hey Amy, love your beet print! so fun. beet energy! i just juiced some beets, carrots and ginger, and woah, it was like, ZING! energy galore. i'd love to see you do another beet print after drinking it--haha. i'll try out your recipe, minus the bacon--i've never made borscht but have been wanting to ever since i pulled my first beet out of the garden last year! also, happy birthday!!! i'm bummed i didn't know. hope it was beautiful. i LOVE that Maira Kalman's book (gosh, i love all her books). but that one is the most inspiring to me--just like you said--to record the simple, fun things of each day, and the odd ramblings of my brain... xojenny

Mellissa - wondermommy said...

I love that you are going back to your roots and paiting roots. Beautiful! Thank you for the recipe, too.

Red Fish Circle said...

Thanks for the b-day wishes and welcome back Jenny! I thought you might be a fan of this book.
Melissa, I laughed at your clever comment, I really should have put roots in quotation marks.
It was subliminal, I am sure.

Red Fish Circle said...

Oh and thanks also Joan for commenting. Spring days are here intermittently, we have been digging in our garden all day today!

Mary said...

Hi Amy, the book sounds really interesting!! Also, I love your beet drawings and print! WOW!! Love the colors. Also checked out your new creatures and critters prints, love them all! I am searching for a store to purchase "On a Whim" - Dawn "Owls", just LOVE THAT FABRIC!! Keep up the great work!

Judy Rys said...

Love the play on words! Makes me want to get my paints out and root through my veggie bin.

bettyninja said...

I too find your print to be inspiring. The colors are just so vivid.

tiel said...

i've seen this book and wondered if I should get it. I am going OS soon, so might buy it for the plane trips.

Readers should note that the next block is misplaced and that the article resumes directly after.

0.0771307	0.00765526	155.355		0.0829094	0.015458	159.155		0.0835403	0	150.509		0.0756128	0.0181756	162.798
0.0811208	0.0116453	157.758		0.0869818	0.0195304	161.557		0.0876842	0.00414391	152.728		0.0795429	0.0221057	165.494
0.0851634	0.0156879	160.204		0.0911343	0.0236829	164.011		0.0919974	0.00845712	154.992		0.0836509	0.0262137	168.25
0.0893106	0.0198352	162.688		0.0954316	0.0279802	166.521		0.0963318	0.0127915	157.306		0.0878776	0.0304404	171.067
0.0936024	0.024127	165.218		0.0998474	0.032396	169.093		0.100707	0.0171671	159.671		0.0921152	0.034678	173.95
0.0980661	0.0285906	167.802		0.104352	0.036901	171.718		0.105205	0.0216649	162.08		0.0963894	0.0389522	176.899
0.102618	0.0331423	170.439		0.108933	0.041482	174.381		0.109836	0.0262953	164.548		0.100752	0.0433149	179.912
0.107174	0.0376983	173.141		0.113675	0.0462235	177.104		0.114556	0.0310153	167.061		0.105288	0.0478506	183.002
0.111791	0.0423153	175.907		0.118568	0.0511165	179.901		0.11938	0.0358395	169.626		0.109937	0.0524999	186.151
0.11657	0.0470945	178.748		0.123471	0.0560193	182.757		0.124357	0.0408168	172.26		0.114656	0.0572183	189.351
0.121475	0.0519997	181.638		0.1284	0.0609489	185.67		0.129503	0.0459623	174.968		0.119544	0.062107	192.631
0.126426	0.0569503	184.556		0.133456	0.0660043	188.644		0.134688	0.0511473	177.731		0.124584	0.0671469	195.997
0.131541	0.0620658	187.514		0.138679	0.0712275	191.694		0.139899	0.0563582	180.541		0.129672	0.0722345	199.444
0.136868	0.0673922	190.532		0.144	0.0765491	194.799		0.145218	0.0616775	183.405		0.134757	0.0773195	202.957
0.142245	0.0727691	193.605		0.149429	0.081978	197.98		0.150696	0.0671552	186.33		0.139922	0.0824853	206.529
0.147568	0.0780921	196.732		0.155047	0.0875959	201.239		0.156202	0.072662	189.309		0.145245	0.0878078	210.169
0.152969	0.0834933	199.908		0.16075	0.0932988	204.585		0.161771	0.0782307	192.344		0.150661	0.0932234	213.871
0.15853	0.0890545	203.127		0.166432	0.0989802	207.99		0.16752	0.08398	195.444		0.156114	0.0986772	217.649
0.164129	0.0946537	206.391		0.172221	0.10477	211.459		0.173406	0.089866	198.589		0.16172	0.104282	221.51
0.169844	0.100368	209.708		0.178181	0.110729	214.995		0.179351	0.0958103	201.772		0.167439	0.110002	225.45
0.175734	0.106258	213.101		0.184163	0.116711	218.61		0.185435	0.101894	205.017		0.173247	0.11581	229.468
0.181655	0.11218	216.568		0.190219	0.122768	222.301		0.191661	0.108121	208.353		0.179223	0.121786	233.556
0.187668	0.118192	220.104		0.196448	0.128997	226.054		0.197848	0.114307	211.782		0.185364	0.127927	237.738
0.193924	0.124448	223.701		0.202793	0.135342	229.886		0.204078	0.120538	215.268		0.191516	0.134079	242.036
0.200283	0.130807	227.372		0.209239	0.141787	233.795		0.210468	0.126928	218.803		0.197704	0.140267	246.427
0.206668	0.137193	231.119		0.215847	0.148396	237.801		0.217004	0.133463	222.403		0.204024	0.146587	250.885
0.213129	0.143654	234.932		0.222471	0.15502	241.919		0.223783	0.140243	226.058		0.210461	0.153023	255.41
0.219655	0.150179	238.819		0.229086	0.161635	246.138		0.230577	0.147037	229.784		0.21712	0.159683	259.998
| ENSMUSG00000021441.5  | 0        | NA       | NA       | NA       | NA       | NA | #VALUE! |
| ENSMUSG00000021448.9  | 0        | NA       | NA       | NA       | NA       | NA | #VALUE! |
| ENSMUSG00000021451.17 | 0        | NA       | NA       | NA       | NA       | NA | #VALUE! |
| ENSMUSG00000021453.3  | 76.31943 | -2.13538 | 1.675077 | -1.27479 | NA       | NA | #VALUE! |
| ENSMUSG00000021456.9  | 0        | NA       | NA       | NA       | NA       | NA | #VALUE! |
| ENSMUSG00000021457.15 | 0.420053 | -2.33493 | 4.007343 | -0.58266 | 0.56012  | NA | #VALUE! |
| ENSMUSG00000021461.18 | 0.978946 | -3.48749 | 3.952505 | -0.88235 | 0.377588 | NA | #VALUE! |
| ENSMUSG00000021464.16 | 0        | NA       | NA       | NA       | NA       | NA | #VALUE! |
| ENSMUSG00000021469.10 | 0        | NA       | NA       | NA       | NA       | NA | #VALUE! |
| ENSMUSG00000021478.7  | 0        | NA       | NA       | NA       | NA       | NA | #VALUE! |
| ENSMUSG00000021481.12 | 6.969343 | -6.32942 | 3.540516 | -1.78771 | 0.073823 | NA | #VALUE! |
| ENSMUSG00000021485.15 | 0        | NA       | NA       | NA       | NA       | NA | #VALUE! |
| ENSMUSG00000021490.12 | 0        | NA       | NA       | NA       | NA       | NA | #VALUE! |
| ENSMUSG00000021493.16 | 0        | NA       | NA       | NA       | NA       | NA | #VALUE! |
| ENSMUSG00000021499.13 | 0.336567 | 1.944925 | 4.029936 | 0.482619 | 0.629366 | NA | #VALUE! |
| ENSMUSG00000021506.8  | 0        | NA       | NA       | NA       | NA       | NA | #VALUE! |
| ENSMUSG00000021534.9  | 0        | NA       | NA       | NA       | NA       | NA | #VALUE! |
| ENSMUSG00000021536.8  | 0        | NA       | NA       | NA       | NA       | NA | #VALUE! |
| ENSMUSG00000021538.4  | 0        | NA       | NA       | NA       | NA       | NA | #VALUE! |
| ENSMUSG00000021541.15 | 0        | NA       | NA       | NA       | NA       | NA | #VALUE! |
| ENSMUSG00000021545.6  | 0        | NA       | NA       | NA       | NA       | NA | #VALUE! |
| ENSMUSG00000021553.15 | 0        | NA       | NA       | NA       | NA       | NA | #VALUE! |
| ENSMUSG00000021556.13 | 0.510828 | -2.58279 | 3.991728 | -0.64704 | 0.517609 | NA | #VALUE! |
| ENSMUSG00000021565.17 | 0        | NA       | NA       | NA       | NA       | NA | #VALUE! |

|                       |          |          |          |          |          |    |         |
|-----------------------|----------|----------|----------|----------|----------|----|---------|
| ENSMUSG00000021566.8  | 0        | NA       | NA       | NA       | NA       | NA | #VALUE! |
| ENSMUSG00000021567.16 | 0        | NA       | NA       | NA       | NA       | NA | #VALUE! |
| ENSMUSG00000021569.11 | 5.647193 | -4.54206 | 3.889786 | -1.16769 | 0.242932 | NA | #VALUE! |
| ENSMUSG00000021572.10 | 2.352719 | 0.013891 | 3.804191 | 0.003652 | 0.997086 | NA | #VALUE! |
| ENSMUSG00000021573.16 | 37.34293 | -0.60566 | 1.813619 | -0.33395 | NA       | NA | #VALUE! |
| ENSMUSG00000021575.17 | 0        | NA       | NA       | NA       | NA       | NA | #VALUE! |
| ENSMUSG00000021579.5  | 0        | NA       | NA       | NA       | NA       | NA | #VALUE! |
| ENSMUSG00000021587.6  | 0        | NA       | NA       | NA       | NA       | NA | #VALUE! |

happy Birthday Amy, I hope that you enjoyed the day. I like to buy myself something too...and something for my mum.


GypsyWagons said...

Hi Red Fish Circle,

Beets are my favorite vegetable! I used to weave patterns of them into rugs twenty years ago, when I was a weaver.

My sister gave me a copy of that book for Christmas. I have gone back and looked at many of her New Yorker magazine covers on her web site. I love her work as well.

Thank you for your kind words about my tiny quilts on Flickr. I have just started a blog as well...www.gypsywagons.blogspot.com you might want to take a look. I have seen your fabrics and have many of them in my fabric stash!

What a thrill to communicate with you!


Beegirl said...

Your beet prints are lovely! So glad to have come across your blog!

Red Fish Circle said...

thanks so much everyone for your lovely comments.

Clear Pink said...

my husband and kids love beets, i'll have to give this a try. thanks!

M. said...

So beautiful! I am really inspired by your monoprint and want to begin experimenting with that technique too. May I ask what kind of paint /ink you used? And whether it was with a real press and plate set up, or improvised with home materials (ie rolling pin etc...)